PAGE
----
Many organizations have fallen into the trap that they need consensus. Thomas and Kilmann created a conflict mode instrument that places five options: avoiding, accommodating, competing, collaborating, and compromising on two dimensions: assertive and cooperative. The interesting aspect of their instrument is that the best answer isn’t in the upper-right corner, as one might expect. Collaborating to the extreme is consensus. Their model (and research) focuses on the best answer as compromising. They don’t mean it in a pejorative way; instead, it’s a recognition that consensus-driven approaches often take too long. Sometimes, we have to just trust others even when we can’t defend the decision.
We see this echoed in the work of Patrick Lencioni in The Advantage, in Crucial Conversations, and in William Issacs’ work, Dialogue. Consensus can take too long. We need to build and reinforce trust when we can so that we can lean on it when it’s necessary to move faster than a consensus-based approach would allow. (See Trust => Vulnerability => Intimacy, Revisited for more.)
Cultivating Constructive Criticism
Some cultures invite constructive criticism. Some even require it. On the outside, the cultures may seem harsh. In Radical Candor, Kim Scott explains that “it’s not cruel, it’s clear” when speaking directly to other people. Cultivating these conversations requires work. It’s a step beyond the psychological safety that Amy Edmondson proposes in The Fearless Organization. It’s imperative to share concerns and to speak up. Back in 1977, Irving Janis and Leon Mann first wrote about “groupthink” and the challenges that occur in groups in their book Decision Making. Since then, Richard Hackman revisited the challenges of sharing the truth in Collaborative Intelligence. They recommend that someone be assigned the role of the devil’s advocate – that is, someone should be tasked (temporarily) with trying to poke holes in the proposed direction. Even John F. Kennedy took this approach with the Cuban Missile Crisis after the fiasco that was the Bay of Pigs invasion. In One Minute to Midnight, there are details about how dissent wasn’t a problem, it was required.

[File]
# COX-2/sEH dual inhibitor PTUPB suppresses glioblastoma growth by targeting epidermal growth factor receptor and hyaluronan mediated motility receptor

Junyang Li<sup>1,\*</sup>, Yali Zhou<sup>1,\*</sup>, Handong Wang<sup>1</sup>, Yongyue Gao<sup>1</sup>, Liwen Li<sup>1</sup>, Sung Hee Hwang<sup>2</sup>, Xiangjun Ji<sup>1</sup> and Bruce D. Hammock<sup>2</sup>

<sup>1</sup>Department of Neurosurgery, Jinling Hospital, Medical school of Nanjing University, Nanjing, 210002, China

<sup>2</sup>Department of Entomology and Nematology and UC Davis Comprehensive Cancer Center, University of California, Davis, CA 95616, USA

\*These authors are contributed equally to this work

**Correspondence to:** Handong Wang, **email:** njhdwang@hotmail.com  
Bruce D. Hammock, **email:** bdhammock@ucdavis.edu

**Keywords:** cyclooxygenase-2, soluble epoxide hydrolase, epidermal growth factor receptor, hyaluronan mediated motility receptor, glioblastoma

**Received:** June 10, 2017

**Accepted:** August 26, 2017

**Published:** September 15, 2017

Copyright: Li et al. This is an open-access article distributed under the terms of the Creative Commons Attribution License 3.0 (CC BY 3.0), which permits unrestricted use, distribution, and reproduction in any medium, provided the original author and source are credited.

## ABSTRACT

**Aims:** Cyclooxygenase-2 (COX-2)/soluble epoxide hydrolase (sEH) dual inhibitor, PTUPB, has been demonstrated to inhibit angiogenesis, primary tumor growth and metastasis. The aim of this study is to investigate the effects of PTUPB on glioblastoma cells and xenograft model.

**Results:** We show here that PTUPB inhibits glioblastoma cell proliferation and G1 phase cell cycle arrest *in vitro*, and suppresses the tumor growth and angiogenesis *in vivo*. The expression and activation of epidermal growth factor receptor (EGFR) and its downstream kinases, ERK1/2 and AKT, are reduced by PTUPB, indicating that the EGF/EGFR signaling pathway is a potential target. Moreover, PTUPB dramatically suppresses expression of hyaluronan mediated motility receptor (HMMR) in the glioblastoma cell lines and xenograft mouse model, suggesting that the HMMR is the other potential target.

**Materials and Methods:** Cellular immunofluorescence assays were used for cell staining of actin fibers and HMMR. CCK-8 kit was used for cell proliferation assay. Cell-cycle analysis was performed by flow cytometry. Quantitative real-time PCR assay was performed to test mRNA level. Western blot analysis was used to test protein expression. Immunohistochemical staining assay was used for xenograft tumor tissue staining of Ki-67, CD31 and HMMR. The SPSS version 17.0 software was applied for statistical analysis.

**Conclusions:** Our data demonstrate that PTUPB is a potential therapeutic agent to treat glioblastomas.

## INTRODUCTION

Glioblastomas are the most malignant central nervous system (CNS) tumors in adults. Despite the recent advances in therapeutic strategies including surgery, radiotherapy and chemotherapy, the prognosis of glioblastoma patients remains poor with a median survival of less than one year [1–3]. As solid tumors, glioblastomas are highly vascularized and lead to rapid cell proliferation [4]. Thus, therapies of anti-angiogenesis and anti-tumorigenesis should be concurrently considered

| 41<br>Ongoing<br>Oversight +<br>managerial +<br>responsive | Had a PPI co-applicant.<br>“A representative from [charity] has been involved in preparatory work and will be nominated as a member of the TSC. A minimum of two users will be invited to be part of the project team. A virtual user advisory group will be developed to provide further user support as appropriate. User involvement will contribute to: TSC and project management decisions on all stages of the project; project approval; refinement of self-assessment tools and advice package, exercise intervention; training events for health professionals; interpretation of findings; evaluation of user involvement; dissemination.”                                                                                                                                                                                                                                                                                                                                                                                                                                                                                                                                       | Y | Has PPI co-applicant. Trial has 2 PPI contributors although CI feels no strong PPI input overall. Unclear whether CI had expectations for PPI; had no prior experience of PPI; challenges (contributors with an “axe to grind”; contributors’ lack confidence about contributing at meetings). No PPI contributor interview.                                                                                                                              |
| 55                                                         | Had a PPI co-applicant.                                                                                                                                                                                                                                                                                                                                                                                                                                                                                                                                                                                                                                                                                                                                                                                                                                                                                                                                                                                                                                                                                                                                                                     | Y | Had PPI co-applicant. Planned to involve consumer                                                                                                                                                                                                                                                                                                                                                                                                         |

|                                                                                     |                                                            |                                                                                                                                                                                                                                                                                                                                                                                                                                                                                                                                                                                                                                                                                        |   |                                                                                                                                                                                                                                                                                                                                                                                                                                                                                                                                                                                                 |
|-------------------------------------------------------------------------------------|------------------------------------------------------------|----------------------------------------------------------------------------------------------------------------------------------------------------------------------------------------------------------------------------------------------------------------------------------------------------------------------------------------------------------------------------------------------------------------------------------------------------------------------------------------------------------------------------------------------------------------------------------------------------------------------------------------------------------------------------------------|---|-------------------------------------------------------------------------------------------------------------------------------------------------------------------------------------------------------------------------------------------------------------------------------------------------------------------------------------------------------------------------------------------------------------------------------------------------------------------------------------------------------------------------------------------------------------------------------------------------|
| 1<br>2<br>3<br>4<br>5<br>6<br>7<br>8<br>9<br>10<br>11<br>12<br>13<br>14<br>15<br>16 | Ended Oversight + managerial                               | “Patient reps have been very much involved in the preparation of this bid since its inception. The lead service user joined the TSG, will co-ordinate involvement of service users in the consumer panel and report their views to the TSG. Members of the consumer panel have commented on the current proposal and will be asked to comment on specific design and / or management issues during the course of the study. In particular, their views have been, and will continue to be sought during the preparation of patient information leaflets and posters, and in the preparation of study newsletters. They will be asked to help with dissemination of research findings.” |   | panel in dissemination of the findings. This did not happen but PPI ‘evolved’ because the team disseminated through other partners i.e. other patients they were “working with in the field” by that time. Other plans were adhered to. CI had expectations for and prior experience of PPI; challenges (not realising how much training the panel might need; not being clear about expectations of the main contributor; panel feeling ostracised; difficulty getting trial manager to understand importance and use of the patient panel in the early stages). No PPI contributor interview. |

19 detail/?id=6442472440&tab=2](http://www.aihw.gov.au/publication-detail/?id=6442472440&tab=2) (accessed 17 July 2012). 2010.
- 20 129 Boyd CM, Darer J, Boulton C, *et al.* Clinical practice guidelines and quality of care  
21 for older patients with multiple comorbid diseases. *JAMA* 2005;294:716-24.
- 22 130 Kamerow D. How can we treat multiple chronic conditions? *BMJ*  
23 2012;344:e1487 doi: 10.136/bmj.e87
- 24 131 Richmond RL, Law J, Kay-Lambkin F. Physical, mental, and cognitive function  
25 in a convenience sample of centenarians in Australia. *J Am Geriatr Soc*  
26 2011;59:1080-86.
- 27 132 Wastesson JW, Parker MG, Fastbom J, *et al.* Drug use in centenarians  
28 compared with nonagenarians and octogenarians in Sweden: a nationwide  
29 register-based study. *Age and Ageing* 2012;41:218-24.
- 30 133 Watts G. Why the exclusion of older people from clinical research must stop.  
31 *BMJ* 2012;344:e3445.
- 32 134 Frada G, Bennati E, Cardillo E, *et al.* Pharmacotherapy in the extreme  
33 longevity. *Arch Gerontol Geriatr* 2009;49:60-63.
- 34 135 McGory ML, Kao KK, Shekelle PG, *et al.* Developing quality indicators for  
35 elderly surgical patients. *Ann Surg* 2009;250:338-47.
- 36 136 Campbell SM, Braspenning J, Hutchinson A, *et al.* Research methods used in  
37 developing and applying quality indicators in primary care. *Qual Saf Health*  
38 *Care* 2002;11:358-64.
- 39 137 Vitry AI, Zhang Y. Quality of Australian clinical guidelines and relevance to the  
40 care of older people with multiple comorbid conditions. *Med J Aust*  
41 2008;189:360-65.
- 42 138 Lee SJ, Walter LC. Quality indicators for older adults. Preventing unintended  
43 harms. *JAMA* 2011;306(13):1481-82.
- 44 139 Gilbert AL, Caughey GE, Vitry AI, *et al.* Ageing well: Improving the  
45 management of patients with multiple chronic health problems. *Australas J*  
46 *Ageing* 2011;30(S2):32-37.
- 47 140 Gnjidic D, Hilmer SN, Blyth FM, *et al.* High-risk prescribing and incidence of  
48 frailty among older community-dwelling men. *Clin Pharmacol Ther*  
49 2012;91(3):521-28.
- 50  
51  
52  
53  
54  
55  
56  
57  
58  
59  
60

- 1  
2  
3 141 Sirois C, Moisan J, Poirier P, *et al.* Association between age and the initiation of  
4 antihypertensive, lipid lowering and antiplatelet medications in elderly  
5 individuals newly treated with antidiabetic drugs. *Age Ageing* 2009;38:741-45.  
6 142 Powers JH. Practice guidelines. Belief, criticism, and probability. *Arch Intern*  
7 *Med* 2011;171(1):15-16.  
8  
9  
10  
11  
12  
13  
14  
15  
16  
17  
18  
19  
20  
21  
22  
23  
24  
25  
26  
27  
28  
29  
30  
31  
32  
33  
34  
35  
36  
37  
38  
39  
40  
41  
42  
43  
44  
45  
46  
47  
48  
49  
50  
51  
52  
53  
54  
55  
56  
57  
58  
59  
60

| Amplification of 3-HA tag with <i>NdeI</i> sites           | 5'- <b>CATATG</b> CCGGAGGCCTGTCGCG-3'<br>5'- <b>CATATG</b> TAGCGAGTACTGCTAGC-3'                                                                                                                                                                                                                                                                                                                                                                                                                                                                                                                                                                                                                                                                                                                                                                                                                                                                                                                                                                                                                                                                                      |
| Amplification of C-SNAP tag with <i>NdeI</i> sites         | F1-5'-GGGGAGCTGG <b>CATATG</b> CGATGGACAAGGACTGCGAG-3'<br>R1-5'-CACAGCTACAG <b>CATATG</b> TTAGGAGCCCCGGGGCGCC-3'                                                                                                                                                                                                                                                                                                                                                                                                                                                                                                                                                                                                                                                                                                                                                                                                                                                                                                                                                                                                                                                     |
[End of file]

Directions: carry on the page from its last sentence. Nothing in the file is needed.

Dave Snowden, of Cynefin fame, describes this process as ritualized dissent, something that he often teaches at workshops. By making it an explicit part of the process, it’s often possible to avoid someone being singled out as the naysayer.
Structure and Lore
Organizational charts and organizational structure aren’t something new or interesting to anyone involved in a corporation. The tree-view charts, with who reports to whom, have been a part of the corporate landscape for decades. Structure is part and parcel for corporate life.
Organizational policies, procedures, and processes are common as well as everything that can be done can be turned into a collection of policies, procedures, and processes. It’s standard corporate fare – that startups often sidestep in the interest of expediency. However, there’s another component that’s important to organizational health: the lore.
Li describes organizational structure as the spine, process the lifeblood, and lore as the soul of organizational culture. Lore are the stories that are told. They can be the origin stories – stories that are about how the organization was formed or transformed. These stories form employee opinions about how the organization is to behave. They’re stories of heroic customer service. They’re stories of how the organization treats employees.
If you want to radically disrupt the culture of an organization, you need the stories to be different. It means replacing the stories that no longer match the desired culture and supplementing the stories in places where the culture won’t grow as you desire it to. While this can be tricky, confusing work, it’s work that needs to be done if you want to change the hearts and not just the minds of everyone involved.
To make the kinds of changes that our world needs today, you may just find that it takes The Disruption Mindset.